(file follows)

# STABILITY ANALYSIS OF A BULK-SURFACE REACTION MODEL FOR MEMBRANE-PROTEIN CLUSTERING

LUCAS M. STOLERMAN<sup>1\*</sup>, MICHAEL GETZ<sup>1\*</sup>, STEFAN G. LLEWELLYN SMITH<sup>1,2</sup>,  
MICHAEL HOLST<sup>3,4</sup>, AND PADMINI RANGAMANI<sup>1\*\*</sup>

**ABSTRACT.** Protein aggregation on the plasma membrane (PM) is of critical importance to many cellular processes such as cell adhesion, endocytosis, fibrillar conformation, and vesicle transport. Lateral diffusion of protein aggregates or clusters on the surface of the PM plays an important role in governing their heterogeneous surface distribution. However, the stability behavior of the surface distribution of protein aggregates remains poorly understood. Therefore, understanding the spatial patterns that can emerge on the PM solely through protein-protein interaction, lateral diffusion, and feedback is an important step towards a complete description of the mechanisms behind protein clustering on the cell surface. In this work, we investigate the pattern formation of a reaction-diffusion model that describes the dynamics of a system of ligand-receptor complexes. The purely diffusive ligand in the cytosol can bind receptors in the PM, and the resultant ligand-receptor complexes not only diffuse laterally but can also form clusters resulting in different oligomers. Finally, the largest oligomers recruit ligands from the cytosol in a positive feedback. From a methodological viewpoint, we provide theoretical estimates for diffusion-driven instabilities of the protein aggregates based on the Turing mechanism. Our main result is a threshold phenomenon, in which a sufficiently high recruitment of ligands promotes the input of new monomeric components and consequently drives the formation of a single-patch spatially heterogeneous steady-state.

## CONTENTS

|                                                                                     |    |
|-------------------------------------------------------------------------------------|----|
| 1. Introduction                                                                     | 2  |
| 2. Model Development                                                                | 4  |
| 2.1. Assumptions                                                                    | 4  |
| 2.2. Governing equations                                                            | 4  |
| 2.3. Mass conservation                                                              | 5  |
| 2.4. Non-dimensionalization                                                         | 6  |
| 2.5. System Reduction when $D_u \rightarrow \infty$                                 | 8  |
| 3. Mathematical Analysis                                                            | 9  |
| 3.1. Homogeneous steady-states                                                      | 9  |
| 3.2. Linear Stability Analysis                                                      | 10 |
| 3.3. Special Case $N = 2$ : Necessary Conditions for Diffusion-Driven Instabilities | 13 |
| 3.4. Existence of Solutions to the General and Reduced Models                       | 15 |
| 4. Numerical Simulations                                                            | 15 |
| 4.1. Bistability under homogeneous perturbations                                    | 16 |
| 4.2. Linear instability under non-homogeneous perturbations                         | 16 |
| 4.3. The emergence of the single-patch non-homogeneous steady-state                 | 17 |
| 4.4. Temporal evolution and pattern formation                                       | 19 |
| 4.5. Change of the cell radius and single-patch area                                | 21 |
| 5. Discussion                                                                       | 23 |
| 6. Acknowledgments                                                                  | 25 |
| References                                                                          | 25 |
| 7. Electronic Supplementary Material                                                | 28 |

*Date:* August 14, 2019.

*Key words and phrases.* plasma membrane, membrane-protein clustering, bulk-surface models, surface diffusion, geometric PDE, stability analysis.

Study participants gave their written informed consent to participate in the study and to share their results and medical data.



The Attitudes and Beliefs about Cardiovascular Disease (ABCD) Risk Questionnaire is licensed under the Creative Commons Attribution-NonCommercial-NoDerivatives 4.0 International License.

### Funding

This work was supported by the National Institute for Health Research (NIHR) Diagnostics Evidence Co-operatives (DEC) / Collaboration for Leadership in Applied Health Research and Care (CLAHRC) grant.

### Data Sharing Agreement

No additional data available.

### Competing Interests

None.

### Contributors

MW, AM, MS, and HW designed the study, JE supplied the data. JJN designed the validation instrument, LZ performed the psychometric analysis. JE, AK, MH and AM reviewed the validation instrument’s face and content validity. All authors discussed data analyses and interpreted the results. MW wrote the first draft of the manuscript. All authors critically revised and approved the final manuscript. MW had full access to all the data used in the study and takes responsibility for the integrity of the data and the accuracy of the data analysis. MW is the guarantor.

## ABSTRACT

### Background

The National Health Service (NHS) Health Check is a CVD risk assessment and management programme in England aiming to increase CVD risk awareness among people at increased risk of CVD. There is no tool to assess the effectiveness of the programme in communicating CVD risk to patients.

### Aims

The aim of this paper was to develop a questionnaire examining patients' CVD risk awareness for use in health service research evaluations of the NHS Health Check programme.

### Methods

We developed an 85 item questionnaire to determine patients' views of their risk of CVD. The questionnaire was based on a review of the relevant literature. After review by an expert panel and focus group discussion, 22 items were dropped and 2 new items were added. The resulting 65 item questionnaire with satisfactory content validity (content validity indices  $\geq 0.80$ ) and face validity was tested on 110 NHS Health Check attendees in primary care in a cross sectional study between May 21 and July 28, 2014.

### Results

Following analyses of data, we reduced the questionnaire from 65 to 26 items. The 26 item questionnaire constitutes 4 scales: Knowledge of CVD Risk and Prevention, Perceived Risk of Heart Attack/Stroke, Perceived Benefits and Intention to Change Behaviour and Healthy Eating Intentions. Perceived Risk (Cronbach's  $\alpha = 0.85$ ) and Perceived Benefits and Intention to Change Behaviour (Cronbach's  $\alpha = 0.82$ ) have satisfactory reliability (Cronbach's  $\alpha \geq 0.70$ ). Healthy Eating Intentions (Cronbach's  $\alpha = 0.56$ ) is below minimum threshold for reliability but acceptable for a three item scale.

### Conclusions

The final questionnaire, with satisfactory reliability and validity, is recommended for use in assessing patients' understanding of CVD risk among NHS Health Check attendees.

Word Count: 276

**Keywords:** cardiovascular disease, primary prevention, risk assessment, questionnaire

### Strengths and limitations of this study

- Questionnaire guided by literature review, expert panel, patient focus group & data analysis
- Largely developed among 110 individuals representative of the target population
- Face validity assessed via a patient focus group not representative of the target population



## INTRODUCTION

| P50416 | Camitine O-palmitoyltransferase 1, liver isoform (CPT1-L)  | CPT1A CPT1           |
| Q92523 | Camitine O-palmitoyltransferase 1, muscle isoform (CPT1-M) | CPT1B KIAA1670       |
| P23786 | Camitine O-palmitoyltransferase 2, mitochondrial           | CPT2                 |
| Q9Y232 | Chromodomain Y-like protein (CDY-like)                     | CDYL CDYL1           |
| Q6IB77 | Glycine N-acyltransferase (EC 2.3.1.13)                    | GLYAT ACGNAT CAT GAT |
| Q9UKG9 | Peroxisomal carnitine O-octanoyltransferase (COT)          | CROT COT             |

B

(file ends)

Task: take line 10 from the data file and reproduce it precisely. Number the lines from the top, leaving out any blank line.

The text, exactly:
| 2.1. Assumptions                                                                    | 4  |